A new study examines whether anakinra can reduce inflammation and the need for mechanical ventilation in patients with severe COVID-19 pneumonia.
COVID-19 prevention tools have evolved, and so has the virus itself, leading to mild disease in more than 80% of infected individuals. However, this still leaves a substantial population susceptible to severe COVID-19 disease progression.
Older individuals or those with comorbidities are more likely to experience a dysregulated host immune response and excessive inflammation, which may devolve to acute respiratory distress syndrome and multiorgan failure.
The recombinant IL-1 receptor antagonist anakinra has successfully combated pathogeneses consistent with COVID-19 hyperinflammation. A new study1, published in JAMA Network Open, assessed the efficacy and safety of anakinra versus standard of care in reducing severe COVID-19 pneumonia and hyperinflammation.
The Clinical Trial of the Use of Anakinra in Cytokine Storm Syndrome Secondary to COVID-19 (ANA-COVID-GEAS) study was a multicenter, randomized, open-label, 2-group, phase 2/3 clinical trial. The trial was decentralized and conducted in 12 hospitals across Spain.
Enrolled participants were adults, aged 18 years and older, with confirmed severe COVID-19 pneumonia “defined as a positive polymerase chain reaction test for SARS-CoV-2 in nasopharyngeal specimens, pulmonary infiltrates compatible with pneumonia on chest imaging, and hyperinflammation.”
Participants were randomly assigned 1:1 to either standard of care (SoC) or SoC plus anakinra. SoC included hydroxychloroquine, lopinavir-ritonavir, and/or azithromycin. The study patients were monitored during hospital stay and then followed up for 28 days after randomization, or until death, loss to follow-up, or study withdrawal.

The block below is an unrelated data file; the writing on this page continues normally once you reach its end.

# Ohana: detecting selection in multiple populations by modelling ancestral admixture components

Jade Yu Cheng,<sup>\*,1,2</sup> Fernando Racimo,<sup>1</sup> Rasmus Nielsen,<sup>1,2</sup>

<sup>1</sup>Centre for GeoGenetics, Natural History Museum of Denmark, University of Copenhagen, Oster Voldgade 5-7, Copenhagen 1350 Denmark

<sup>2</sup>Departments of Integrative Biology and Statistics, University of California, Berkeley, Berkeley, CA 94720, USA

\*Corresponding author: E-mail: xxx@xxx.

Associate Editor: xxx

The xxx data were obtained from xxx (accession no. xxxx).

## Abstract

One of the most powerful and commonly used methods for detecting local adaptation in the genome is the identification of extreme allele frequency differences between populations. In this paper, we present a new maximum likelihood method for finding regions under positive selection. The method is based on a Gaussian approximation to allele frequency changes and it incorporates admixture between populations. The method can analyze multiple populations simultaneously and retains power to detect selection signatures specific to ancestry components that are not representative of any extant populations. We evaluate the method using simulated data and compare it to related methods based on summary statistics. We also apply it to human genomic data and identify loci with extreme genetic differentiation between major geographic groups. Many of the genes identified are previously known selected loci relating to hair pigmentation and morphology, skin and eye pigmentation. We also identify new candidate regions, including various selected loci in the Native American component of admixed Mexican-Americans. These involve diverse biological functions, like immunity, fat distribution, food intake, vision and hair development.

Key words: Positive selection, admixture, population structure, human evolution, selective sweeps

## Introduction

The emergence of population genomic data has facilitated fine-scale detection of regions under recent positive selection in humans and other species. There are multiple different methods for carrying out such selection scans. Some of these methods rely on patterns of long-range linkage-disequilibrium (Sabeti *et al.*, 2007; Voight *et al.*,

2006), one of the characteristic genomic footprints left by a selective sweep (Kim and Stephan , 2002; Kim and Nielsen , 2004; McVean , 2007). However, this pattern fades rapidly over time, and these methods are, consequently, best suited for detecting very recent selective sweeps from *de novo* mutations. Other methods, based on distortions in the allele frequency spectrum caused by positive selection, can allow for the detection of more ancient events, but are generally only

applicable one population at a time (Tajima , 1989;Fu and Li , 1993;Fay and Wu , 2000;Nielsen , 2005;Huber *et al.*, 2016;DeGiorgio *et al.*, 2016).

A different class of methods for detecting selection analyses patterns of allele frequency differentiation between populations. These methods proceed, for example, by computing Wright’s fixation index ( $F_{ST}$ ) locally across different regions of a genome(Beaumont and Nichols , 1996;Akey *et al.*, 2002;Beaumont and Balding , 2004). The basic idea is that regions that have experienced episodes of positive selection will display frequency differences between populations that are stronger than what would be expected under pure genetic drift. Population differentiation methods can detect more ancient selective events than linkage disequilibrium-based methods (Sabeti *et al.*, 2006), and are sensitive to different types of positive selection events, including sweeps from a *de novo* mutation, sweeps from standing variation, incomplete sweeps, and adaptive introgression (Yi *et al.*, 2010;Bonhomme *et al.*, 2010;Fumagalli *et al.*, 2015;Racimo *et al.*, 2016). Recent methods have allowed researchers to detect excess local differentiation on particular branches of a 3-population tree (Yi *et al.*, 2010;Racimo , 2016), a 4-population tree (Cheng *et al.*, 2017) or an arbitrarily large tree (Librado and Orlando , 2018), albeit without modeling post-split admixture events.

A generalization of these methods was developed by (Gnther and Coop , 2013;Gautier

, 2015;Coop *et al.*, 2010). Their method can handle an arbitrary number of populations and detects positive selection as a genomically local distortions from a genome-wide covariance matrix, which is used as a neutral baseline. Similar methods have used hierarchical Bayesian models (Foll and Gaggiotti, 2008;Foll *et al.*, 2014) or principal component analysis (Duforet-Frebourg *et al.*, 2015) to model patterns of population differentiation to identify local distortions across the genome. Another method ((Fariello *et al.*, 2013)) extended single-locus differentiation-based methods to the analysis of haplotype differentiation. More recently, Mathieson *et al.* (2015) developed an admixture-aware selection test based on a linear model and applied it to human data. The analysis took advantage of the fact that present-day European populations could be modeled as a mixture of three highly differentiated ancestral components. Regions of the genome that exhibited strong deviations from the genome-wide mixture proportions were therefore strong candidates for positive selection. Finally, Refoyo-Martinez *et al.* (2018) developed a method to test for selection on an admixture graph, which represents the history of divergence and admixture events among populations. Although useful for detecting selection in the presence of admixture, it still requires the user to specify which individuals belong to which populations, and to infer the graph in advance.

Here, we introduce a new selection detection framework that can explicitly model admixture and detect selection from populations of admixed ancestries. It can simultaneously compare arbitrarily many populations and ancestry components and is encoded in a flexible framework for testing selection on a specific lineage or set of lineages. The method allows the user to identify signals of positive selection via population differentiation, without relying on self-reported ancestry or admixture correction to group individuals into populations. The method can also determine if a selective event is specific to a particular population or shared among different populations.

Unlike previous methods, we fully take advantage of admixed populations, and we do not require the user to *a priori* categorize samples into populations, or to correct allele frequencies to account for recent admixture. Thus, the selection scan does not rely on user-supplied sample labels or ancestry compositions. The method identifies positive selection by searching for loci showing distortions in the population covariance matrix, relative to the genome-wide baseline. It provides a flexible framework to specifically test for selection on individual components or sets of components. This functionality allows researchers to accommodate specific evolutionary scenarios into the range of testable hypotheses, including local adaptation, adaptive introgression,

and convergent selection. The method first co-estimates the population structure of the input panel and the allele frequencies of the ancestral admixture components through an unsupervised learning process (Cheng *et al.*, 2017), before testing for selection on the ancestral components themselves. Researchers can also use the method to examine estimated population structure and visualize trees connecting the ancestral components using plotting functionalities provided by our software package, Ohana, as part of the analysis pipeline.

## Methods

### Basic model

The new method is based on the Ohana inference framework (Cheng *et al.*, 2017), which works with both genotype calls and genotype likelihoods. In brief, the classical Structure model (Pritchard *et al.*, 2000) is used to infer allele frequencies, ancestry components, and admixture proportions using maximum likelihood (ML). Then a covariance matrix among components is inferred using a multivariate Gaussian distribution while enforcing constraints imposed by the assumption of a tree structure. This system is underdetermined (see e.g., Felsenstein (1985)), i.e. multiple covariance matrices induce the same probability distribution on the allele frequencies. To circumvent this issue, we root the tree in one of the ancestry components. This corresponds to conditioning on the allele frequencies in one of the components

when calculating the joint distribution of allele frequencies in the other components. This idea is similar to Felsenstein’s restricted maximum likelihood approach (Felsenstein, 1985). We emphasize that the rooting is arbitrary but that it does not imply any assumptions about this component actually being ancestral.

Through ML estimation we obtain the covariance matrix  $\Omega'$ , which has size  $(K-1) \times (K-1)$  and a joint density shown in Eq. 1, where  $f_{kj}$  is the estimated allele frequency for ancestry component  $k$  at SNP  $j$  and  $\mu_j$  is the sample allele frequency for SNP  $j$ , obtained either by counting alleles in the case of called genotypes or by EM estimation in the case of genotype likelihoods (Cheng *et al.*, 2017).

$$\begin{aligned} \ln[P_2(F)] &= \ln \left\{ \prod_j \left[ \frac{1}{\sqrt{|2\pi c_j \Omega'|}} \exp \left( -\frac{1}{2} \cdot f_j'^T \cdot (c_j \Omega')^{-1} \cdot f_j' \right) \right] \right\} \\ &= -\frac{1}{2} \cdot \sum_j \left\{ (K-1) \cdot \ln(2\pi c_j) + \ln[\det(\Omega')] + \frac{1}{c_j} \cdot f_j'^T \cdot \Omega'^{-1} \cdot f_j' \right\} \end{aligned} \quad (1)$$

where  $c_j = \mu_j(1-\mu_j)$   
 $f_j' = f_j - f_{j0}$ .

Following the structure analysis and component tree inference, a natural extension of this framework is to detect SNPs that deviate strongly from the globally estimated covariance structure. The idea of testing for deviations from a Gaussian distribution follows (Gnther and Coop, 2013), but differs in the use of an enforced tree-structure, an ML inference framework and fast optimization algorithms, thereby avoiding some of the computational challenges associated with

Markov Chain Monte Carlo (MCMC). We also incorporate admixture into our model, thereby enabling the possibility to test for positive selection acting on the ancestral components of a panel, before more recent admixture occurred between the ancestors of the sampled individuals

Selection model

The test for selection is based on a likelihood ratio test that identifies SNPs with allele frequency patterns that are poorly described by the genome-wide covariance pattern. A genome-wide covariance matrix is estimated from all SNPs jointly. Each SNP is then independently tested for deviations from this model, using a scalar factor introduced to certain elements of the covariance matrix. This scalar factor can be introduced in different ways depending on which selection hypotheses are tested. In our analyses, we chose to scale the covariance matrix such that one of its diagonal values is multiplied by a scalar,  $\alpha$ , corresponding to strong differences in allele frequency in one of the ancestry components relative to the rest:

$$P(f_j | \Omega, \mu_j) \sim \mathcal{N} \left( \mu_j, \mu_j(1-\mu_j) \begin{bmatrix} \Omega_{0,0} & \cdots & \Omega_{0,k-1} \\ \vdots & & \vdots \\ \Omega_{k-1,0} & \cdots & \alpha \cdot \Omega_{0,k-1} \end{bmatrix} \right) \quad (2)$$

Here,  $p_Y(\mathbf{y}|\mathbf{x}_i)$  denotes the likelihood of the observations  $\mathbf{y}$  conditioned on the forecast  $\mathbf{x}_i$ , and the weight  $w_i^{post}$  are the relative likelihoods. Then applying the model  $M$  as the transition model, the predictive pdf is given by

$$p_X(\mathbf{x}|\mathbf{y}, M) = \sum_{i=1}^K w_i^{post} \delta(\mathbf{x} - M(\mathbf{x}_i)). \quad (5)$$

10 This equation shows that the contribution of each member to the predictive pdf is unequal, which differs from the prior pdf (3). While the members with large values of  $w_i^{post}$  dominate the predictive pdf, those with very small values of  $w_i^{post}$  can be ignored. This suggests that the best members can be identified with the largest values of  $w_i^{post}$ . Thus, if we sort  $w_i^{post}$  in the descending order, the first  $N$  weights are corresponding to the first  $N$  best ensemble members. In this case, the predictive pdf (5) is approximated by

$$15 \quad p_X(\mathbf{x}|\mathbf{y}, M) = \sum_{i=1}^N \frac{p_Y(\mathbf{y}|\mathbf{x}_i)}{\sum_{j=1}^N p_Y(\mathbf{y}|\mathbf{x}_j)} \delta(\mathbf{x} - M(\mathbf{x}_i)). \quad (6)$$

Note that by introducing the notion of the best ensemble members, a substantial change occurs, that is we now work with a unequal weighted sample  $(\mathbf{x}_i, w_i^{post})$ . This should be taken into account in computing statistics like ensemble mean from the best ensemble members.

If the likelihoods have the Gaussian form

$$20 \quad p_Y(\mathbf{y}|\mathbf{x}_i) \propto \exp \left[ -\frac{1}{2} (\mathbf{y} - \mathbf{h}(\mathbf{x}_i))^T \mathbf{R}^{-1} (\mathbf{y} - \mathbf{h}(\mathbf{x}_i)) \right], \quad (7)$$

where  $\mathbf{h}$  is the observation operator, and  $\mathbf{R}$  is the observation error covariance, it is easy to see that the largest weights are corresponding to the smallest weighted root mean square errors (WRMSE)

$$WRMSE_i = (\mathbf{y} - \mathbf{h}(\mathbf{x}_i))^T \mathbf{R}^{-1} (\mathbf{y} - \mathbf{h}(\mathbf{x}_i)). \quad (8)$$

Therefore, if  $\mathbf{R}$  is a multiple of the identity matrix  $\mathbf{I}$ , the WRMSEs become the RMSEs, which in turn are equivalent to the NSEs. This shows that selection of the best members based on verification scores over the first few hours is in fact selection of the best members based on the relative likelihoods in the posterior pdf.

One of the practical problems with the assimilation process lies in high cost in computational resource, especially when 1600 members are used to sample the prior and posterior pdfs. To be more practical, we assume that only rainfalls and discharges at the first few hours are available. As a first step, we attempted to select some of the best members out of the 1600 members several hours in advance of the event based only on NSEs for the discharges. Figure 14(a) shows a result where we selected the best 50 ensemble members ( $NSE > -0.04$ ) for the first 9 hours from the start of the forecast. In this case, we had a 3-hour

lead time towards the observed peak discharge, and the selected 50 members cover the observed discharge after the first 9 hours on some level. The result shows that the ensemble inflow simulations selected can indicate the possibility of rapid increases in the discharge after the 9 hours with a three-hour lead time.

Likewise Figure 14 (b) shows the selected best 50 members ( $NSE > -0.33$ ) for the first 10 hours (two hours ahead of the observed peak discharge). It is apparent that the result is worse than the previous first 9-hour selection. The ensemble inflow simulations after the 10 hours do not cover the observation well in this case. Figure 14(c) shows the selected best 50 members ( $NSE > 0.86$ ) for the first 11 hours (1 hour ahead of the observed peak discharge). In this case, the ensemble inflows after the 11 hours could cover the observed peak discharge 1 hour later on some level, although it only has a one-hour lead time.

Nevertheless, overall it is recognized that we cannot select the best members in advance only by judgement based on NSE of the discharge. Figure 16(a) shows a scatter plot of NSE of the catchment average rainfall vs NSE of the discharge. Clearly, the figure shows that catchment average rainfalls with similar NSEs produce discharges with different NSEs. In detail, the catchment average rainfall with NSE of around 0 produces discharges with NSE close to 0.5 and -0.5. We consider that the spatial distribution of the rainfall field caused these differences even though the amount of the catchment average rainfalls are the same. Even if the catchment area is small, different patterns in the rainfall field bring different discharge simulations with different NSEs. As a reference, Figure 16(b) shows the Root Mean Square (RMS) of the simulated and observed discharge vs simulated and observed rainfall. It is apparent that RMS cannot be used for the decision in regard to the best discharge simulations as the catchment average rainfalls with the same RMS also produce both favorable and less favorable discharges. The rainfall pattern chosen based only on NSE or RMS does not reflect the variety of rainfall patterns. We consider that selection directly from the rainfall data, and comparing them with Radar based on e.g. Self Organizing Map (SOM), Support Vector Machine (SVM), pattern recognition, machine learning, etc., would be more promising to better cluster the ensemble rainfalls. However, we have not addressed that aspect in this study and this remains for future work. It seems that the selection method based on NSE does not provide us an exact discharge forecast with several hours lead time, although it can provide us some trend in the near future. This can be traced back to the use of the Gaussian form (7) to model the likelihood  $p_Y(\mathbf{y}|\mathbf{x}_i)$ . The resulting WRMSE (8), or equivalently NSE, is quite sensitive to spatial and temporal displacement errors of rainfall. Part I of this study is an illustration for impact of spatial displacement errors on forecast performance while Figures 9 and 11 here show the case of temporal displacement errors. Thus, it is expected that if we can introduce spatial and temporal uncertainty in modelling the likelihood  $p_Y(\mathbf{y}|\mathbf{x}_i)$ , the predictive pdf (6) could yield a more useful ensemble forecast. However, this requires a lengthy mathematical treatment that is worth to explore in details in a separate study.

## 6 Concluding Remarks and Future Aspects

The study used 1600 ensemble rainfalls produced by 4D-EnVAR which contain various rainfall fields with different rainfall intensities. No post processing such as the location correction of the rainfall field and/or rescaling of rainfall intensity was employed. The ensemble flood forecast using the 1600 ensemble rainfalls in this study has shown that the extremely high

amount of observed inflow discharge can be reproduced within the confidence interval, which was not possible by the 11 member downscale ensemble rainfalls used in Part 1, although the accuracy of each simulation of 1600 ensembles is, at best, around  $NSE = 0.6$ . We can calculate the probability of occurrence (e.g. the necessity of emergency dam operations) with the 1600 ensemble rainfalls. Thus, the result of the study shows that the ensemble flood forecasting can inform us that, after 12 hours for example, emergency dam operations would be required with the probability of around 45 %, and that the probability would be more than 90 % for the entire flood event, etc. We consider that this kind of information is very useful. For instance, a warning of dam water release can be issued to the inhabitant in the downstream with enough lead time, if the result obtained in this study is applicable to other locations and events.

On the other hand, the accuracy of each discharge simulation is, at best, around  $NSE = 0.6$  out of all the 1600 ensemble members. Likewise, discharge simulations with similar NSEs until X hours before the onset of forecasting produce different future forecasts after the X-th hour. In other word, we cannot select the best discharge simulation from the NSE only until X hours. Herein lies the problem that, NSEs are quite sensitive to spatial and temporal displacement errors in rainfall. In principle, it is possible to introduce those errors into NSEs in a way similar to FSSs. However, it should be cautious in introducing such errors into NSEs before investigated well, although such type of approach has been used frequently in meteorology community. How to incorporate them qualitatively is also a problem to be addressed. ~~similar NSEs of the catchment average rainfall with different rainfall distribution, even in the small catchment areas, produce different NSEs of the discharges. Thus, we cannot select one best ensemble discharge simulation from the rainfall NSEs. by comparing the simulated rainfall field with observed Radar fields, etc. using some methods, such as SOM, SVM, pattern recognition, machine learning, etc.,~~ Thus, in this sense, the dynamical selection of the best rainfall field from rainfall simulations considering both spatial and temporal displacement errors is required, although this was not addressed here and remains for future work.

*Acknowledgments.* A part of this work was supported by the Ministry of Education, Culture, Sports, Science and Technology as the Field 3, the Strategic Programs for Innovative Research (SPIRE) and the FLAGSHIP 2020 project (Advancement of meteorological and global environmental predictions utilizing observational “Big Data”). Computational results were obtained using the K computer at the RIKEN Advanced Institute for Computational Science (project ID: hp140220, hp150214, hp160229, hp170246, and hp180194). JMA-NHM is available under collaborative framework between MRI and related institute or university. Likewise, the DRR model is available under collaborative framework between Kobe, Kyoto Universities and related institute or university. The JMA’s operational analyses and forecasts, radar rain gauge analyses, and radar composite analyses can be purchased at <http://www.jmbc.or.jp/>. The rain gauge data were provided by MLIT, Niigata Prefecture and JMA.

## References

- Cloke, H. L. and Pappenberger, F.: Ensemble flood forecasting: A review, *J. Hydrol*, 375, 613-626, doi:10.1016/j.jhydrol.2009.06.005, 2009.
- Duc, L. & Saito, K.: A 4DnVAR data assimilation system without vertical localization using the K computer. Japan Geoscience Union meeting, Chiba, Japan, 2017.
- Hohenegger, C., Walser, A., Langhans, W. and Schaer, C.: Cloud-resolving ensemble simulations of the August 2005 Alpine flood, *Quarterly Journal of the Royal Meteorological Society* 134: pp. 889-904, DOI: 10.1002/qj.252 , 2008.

The anakinra cohort were dosed intravenously, 100 mg 4 times a day, for a maximum of 15 days. Anakinra may have been discontinued before 15 days for the following reasons: need for hospital beds, persistence of elevated inflammatory markers, persistence of pneumonic condensation on radiologic images, or the need for oxygen therapy (these latter patients were transferred home under hospitalization at home protocols).
Data were collected from April-October 2021. The primary study outcome was the proportion of patients not requiring mechanical ventilation (invasive or noninvasive) at 15 days after initiating anakinra treatment.
A total of 179 patients were included in the study, a population that averaged 69.9% male and 60.5 years of age. These severe COVID-19 pneumonia patients were randomly assigned to the anakinra group (n = 92) or the SoC group (n = 87).
Up to day 15, the proportion of patients not requiring mechanical ventilation was not significantly different between the 2 groups. Overall, 77.1% (n = 64) of anakinra recipients and 85.9% (n = 67) of the SoC cohort required mechanical ventilation, and anakinra did not affect the time to mechanical ventilation. There was also no significant difference between the 2 groups in the proportion of patients not requiring invasive mechanical ventilation up to day 15.
This study found that anakinra did not prevent the need for mechanical ventilation nor reduce the risk of mortality in hospitalized patients with severe COVID-19 pneumonia, compared to standard of care. “Although the primary and key secondary outcomes were not met,” the study authors concluded, “anakinra may have a role as an early treatment for patients with less-severe disease and inflammation.”